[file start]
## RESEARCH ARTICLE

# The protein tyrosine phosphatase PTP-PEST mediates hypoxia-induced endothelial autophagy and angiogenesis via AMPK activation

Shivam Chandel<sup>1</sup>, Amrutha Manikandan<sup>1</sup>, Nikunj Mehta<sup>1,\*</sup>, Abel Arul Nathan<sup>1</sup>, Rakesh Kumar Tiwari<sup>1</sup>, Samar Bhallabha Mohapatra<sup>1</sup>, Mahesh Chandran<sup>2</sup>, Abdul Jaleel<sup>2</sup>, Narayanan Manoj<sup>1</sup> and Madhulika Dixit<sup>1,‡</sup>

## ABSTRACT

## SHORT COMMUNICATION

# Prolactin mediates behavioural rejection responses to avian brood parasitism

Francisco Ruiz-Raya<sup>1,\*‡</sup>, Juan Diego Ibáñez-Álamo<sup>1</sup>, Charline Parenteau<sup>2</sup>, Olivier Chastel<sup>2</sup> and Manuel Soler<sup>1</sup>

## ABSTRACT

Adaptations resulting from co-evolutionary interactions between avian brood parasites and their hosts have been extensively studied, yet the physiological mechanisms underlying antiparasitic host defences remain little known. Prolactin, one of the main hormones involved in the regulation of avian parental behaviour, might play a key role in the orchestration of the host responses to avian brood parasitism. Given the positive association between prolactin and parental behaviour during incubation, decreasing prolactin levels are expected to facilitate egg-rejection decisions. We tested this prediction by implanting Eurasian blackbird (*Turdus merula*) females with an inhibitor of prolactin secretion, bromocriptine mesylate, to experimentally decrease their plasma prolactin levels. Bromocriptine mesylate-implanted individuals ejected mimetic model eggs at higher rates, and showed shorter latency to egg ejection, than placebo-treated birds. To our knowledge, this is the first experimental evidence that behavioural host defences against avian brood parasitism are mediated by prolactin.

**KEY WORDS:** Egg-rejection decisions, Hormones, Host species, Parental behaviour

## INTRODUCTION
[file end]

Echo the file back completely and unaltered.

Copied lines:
## RESEARCH ARTICLE

# The protein tyrosine phosphatase PTP-PEST mediates hypoxia-induced endothelial autophagy and angiogenesis via AMPK activation

Shivam Chandel<sup>1</sup>, Amrutha Manikandan<sup>1</sup>, Nikunj Mehta<sup>1,\*</sup>, Abel Arul Nathan<sup>1</sup>, Rakesh Kumar Tiwari<sup>1</sup>, Samar Bhallabha Mohapatra<sup>1</sup>, Mahesh Chandran<sup>2</sup>, Abdul Jaleel<sup>2</sup>, Narayanan Manoj<sup>1</sup> and Madhulika Dixit<sup>1,‡</sup>

## ABSTRACT

## SHORT COMMUNICATION

# Prolactin mediates behavioural rejection responses to avian brood parasitism

Francisco Ruiz-Raya<sup>1,\*‡</sup>, Juan Diego Ibáñez-Álamo<sup>1</sup>, Charline Parenteau<sup>2</sup>, Olivier Chastel<sup>2</sup> and Manuel Soler<sup>1</sup>

## ABSTRACT

Adaptations resulting from co-evolutionary interactions between avian brood parasites and their hosts have been extensively studied, yet the physiological mechanisms underlying antiparasitic host defences remain little known. Prolactin, one of the main hormones involved in the regulation of avian parental behaviour, might play a key role in the orchestration of the host responses to avian brood parasitism. Given the positive association between prolactin and parental behaviour during incubation, decreasing prolactin levels are expected to facilitate egg-rejection decisions. We tested this prediction by implanting Eurasian blackbird (*Turdus merula*) females with an inhibitor of prolactin secretion, bromocriptine mesylate, to experimentally decrease their plasma prolactin levels. Bromocriptine mesylate-implanted individuals ejected mimetic model eggs at higher rates, and showed shorter latency to egg ejection, than placebo-treated birds. To our knowledge, this is the first experimental evidence that behavioural host defences against avian brood parasitism are mediated by prolactin.

**KEY WORDS:** Egg-rejection decisions, Hormones, Host species, Parental behaviour

## INTRODUCTION